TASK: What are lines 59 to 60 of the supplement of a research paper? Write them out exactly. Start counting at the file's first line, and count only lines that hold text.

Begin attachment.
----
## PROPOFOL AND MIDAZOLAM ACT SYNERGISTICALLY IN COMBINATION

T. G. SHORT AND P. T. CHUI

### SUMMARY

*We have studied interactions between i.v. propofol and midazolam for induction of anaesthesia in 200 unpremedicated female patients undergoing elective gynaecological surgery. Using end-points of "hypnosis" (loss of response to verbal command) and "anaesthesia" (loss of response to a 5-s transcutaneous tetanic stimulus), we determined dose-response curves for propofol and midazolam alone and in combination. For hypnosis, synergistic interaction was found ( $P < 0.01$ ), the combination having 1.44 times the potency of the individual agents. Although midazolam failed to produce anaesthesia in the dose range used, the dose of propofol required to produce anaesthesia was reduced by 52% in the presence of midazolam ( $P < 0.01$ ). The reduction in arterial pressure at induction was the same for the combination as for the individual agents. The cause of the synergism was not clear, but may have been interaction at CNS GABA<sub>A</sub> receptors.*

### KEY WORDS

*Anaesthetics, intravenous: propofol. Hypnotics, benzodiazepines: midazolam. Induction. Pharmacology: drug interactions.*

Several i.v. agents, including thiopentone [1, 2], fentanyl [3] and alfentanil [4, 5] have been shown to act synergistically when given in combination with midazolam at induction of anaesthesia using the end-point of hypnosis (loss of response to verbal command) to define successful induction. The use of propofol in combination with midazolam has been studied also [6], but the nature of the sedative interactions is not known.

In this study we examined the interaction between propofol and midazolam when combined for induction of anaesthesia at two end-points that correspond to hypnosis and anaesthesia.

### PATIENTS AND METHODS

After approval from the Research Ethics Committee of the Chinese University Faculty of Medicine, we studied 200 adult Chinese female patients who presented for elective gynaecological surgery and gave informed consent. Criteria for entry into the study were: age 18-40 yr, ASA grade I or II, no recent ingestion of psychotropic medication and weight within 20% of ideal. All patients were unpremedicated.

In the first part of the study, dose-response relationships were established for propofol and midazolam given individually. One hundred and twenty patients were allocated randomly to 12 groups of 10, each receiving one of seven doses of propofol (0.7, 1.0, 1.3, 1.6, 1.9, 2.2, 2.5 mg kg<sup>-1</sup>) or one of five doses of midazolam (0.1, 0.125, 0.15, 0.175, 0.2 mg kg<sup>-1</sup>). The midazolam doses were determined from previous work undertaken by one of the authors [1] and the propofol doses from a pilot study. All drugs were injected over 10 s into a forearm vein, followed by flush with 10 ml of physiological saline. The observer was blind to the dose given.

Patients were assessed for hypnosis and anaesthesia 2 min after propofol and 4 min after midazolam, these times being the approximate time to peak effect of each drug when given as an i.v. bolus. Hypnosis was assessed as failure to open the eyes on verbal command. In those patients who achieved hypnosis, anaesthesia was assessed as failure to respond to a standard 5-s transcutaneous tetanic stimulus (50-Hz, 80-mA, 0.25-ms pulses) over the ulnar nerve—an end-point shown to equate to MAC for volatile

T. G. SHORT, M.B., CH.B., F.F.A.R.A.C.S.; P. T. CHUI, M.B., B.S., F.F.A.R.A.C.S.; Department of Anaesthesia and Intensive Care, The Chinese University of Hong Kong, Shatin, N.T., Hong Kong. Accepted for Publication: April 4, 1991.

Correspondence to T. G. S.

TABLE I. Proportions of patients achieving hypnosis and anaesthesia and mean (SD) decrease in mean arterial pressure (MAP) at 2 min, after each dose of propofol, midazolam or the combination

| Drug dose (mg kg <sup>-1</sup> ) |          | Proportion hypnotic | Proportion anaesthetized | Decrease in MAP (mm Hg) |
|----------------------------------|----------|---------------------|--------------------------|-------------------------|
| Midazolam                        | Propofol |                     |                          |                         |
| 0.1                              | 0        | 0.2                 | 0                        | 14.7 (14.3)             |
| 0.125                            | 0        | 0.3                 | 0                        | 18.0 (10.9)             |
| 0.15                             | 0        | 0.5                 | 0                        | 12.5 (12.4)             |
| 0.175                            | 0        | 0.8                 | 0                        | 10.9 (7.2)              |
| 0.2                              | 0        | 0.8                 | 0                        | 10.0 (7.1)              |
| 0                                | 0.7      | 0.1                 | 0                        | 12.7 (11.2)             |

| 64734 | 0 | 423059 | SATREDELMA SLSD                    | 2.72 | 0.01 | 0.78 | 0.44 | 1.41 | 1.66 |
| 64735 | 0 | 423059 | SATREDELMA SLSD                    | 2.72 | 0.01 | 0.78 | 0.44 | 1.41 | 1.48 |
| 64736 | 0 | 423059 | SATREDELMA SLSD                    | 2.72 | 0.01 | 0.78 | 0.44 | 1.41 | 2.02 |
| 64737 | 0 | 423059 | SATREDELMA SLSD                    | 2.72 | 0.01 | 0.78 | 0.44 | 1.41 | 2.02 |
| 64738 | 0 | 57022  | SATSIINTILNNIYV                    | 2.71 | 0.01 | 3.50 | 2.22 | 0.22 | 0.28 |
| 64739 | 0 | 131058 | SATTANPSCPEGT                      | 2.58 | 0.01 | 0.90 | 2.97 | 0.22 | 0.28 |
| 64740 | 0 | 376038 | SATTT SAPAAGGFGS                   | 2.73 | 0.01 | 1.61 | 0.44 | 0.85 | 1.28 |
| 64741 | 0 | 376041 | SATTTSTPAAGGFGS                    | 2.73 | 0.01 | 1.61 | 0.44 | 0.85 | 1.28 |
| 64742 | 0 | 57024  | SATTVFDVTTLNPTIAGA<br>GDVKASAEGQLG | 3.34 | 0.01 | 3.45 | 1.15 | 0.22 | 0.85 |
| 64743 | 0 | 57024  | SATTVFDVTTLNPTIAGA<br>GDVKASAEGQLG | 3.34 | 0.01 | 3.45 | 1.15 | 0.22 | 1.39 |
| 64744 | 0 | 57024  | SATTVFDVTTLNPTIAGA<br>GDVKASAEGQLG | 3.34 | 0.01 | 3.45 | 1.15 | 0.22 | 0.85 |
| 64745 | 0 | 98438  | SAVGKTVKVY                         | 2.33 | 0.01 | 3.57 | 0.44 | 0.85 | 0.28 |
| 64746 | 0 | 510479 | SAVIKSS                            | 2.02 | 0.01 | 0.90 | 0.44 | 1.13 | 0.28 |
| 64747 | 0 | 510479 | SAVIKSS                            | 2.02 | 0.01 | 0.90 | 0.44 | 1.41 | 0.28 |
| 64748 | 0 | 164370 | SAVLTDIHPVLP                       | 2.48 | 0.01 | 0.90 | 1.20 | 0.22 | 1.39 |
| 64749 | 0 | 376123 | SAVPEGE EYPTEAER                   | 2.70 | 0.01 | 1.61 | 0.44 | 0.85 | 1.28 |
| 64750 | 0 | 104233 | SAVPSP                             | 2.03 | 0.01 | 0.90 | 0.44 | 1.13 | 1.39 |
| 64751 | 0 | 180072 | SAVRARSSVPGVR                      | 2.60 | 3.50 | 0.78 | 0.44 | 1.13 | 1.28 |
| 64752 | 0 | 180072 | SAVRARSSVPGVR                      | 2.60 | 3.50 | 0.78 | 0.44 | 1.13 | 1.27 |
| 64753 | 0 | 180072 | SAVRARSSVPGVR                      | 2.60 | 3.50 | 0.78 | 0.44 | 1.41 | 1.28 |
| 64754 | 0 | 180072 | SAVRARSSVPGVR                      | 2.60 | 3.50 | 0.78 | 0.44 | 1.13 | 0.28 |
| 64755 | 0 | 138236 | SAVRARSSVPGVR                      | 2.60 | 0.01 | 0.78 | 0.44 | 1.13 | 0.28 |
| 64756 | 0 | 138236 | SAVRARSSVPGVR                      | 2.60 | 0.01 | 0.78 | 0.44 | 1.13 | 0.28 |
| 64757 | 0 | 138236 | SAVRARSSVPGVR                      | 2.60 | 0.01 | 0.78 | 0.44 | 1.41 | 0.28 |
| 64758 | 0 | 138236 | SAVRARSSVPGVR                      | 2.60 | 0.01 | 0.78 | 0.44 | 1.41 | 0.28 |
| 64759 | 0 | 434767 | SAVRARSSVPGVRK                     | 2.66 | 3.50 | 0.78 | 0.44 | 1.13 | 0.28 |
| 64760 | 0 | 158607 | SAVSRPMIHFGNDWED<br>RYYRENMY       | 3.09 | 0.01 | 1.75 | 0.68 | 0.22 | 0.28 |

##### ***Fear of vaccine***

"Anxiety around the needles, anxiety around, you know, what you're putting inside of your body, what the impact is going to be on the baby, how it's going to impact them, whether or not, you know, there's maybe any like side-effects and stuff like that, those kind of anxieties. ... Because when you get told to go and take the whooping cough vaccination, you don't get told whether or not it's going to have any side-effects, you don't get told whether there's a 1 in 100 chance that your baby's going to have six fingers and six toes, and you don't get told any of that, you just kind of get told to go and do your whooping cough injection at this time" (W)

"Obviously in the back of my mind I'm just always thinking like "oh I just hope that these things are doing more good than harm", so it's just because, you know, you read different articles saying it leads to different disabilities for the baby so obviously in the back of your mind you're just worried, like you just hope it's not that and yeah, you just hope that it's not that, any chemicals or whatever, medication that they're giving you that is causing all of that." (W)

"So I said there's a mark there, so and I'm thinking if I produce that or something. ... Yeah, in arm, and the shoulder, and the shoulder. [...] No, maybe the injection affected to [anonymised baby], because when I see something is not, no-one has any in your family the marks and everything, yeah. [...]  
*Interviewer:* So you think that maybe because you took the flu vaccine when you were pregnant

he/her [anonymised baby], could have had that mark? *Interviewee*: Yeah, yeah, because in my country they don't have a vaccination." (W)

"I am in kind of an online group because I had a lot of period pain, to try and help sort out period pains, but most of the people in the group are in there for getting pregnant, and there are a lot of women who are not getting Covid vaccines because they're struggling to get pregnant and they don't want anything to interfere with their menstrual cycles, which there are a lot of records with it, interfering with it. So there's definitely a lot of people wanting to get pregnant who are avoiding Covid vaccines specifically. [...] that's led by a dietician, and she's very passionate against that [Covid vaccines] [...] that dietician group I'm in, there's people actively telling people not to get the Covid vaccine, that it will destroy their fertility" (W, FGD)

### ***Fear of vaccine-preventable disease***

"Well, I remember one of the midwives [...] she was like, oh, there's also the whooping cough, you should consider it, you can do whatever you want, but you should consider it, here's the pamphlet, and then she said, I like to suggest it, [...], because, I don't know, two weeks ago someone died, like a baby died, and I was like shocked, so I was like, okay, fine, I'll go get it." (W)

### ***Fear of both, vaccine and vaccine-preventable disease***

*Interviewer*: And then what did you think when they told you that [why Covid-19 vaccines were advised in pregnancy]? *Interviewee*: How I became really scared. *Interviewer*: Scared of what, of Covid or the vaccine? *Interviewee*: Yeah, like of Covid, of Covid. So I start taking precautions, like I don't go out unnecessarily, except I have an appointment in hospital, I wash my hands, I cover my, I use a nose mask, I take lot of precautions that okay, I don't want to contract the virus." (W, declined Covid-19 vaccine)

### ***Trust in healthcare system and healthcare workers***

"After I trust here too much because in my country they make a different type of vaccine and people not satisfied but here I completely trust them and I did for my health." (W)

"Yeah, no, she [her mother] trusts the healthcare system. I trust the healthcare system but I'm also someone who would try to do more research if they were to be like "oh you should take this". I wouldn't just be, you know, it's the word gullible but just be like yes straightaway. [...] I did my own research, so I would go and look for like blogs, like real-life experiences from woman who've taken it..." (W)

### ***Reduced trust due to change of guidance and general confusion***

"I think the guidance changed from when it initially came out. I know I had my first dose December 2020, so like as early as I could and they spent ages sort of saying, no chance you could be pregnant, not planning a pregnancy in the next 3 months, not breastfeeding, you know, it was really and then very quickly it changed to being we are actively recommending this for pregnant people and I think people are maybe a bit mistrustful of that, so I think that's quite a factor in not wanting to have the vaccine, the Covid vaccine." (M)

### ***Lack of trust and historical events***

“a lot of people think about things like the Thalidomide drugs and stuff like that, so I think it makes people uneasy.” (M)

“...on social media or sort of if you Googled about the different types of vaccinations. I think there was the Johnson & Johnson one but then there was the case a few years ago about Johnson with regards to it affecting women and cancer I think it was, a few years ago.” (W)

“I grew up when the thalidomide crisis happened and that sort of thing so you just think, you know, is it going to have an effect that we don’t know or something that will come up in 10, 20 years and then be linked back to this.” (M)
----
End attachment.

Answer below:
### ***Fear of vaccine-preventable disease***

"Well, I remember one of the midwives [...] she was like, oh, there's also the whooping cough, you should consider it, you can do whatever you want, but you should consider it, here's the pamphlet, and then she said, I like to suggest it, [...], because, I don't know, two weeks ago someone died, like a baby died, and I was like shocked, so I was like, okay, fine, I'll go get it." (W)